Python  is a popular programming language. Both Python and Lua are commonly embedded in applications to provide scripting support.
Scripting is more frequently being used in games. There are many factors to take into account when choosing a scripting language. It may be a simple decision based on the architecture of the target platform like whether you are on a PC or game console. Assuming you have the luxury of a fast CPU, virtual memory, and hard disk storage, the vast library resources of Python could help get your project completed sooner. If you don't have those luxuries, Python is not an option as it is quite large.
The following is a simple comparison, with advantages of both Python and Lua over each other listed:
- Is better equipped. Huge library of very useful functionality. Very useful for off line work, e.g. tool scripting. Huge catalog of example scripts , tutorials , help  and general reference material .
- Extremely high performance numeric computing (ala scientific and graphics) is possible with an add-on module that implements true multidimensional arrays. Strictly speaking, Lua has no arrays and must use a table structure for them.
- Lua arrays are tables, that's true. The implementation has dual nature, however, and array usage (1..N indices) is optimized as it should be. -ak
- Also, it's not really true that Lua must use a table for arrays. It's possible to create optimized arrays like the ones you describe with userdata... there's an example in the Blue PiL of this. -nw
- ctypes (a module available for Python 2.4 and scheduled for core inclusion in 2.5) allows access to existing shared libraries (.so or .dll) without writing a C wrapper.
- See Alien for this functionality in Lua.  -nw
- Has a remote debugger .
- There does appear to be a debugger for Lua which has a remote target addon, see Titmouse on LuaAddons. Has anyone used the remote debugging functionality that could comment? --NDT (wxLua5 has it?)
- Lua has a simpler though more minimalistic syntax (and could not have been made much simpler). The difference is not huge though. Compare .
- Python has extensive slicing for strings and lists, which is a big productivity gain. I would recommend a slicing library be used by those who want to be more productive in Lua.
- Python has more extensive (though by no means perfect) Unicode support.
- Python is whitespace sensitive. Experienced Python developers know that this isn't an issue once the point of this feels weird is gone. Besides not being a problem, it collaborates to standardizing the way code looks, thus facilitating the readability across different code bases. FUD about this being a problem is usually spread by people not using it in a daily basis, as some sampling in Google can easily demonstrate.
- A pretty-printer exists for Lua, so code could be "standardized" just as easily as for Python. -SharkD
- Yeah, but you're not forced to use it. Python forces your code to look at least half-way decent. Big difference. —MR
- Python has binary operators (or, and, xor, ...) built in. Embedded systems really benefit from these, though Lua can be extended to include these with addon libraries or using LuaX enumerations.
- Python has the ability to reduce errors though somewhat more static type checking. Lua programs are much more error prone, due to automatic coercion, accessing of unset variables without an exception, and having to check most functions for nil values, rather than just catching the exceptions. There may be some advantages to some of these points however.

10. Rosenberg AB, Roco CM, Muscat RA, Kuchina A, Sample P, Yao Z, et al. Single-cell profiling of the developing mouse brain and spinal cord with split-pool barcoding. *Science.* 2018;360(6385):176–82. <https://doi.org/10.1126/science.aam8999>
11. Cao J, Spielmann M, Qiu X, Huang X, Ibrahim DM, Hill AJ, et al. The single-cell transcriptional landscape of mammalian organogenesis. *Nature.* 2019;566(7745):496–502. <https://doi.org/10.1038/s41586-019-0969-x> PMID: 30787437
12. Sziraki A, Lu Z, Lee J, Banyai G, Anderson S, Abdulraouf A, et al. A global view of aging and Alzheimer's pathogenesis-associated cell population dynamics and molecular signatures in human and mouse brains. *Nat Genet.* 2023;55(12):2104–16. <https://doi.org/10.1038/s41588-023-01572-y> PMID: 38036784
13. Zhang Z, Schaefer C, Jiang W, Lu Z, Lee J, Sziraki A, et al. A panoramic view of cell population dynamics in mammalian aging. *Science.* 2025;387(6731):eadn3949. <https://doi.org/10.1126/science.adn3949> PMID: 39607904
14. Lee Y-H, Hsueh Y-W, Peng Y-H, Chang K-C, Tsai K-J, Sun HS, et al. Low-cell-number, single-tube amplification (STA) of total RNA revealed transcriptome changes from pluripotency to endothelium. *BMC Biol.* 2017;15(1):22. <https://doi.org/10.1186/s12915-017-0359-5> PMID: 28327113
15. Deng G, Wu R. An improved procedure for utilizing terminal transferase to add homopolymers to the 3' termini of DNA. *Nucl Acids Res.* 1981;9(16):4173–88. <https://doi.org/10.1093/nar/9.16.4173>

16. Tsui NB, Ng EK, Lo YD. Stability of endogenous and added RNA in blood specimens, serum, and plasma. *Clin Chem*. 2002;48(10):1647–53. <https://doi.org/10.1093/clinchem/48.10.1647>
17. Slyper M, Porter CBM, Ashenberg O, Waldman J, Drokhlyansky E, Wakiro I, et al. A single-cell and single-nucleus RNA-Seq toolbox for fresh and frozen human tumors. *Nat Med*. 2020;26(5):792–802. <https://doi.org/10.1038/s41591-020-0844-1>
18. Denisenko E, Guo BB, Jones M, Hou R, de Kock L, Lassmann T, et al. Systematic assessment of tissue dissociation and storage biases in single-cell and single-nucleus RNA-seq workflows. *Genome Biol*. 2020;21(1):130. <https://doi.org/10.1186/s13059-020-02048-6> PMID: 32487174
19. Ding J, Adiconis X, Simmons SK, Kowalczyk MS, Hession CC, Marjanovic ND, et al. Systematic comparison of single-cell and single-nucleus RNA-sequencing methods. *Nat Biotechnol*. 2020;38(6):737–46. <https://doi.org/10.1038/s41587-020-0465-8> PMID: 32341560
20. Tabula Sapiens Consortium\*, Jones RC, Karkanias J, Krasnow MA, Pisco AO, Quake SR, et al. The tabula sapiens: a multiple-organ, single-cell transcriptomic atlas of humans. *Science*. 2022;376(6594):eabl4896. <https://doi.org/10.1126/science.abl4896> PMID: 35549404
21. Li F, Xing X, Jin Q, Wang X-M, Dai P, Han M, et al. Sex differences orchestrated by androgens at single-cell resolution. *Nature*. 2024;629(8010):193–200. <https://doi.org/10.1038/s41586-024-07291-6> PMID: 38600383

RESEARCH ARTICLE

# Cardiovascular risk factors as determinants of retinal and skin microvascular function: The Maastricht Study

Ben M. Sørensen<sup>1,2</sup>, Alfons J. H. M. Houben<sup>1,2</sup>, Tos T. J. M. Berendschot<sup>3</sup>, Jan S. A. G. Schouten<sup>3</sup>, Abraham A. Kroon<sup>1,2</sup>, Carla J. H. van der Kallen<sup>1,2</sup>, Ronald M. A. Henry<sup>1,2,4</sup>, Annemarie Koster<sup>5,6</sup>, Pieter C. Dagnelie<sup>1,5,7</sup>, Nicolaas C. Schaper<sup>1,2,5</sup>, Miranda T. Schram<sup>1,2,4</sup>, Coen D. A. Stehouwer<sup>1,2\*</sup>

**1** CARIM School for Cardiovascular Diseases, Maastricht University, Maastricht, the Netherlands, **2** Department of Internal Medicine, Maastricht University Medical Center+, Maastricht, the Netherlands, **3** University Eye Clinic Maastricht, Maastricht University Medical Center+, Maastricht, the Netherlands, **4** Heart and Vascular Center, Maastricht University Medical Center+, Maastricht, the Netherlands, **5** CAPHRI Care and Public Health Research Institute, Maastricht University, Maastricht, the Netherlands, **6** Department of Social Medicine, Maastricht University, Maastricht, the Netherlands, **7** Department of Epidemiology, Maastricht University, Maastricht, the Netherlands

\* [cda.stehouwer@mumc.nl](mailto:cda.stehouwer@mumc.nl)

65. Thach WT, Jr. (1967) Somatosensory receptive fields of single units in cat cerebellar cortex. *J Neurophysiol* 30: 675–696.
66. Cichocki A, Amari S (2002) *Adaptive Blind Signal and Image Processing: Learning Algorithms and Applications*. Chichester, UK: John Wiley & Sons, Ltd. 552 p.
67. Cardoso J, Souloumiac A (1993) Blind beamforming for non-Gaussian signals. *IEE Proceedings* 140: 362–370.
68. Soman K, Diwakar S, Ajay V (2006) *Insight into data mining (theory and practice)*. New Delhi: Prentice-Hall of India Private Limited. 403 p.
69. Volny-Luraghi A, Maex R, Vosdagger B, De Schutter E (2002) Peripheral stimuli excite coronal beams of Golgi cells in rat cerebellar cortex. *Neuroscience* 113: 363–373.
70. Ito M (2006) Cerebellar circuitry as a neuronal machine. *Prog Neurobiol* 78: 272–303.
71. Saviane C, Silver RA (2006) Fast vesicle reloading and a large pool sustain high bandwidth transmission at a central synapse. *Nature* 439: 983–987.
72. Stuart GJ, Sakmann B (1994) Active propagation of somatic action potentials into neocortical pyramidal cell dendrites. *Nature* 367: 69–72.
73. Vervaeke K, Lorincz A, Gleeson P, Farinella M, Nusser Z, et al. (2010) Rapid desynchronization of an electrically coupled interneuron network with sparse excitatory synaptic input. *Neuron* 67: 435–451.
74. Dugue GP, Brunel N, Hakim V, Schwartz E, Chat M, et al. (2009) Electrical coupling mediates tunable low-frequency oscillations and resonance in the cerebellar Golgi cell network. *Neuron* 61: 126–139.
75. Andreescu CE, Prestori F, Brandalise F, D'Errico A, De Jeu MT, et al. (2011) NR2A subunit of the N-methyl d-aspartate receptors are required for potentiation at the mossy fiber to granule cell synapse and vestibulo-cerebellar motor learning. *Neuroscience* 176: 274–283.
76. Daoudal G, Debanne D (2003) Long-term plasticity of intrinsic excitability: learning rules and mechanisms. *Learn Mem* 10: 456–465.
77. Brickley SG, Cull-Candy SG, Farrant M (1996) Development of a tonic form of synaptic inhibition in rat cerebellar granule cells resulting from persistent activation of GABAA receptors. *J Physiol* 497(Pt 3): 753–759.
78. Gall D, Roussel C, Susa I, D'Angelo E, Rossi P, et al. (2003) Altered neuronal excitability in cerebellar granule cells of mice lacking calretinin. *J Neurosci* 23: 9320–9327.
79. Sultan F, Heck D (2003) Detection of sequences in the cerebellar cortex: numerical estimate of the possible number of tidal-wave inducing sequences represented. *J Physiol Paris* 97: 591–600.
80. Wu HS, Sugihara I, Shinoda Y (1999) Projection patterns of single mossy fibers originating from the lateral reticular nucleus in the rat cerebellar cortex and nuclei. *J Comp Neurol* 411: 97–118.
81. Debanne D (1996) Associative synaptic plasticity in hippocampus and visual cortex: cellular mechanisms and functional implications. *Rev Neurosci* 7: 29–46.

- IMO the only decent way of solving this is static analysis. Most of my catastrophic globals typos have been in less-used codepaths, and even had
-w survived, they would have blown up on people at the worst times. Hence LuaLint, which I suppose I should have a go at for 5.1... --JayCarlson
- This is an issue of stronger/weaker typing, not static/dynamic. -- xlq
- Python has much more beginner documentation. There is still a lack of introductory material for Lua.
- Smaller footprint than Python. e.g. Look at the size of python22.dll, 824kb. A basic Lua engine, including parser/compiler/interpreter, but excluding standard libraries, weighs in at under 100kb.
- Seems to lack any use or implementation of pointers, (References?)
- What about USERDATA and light USERDATA?
- Faster interpreter (Lua vs. Python) and faster JIT compiler (LuaJIT vs. Psyco ) .
- Has a nice simple API for talking between script and C, with very little generation of glue code required. Try creating and manipulating lists and dictionaries in Python and then doing it in Lua.
- Doesn't use reference counting for objects which can get complex and error prone. Although you can use things like the Python Boost library  if you're into C++.
- Lua started off as a configuration language. This has some nice quirks in that it's great for creating and configuring things - which is what you want to do in a game.
- Has a nice, simple, and very powerful syntax. I find you can write the same thing in Lua with less code than Python and you have more flexibilty because of Lua's metamechanisms. e.g. tables are lists and dictionaries combined in Lua (although you can make them behave like PythonLists and PythonDictionaries). Anonymous functions are also particularly nice for configuring things. In Python you get their poor cousin, lambda functions.
- Small, simple, stable codebase. Easy to poke around inside and modify if need be. Probably not as well documented and commented as Python.
- It's really not that easy to poke around. And there really aren't that many comments. -jv
- I disagree. I found it refreshingly simple to poke around in the Lua sources and make changes to the compiler and VM. The codebase is very clean and well thought out. - bp
- Few external modules make Lua easier to bundle for a specialized purpose, even if the vanilla build has less functionality than required. Compare this with python's numerous modules which include libraries that come with the standard distribution.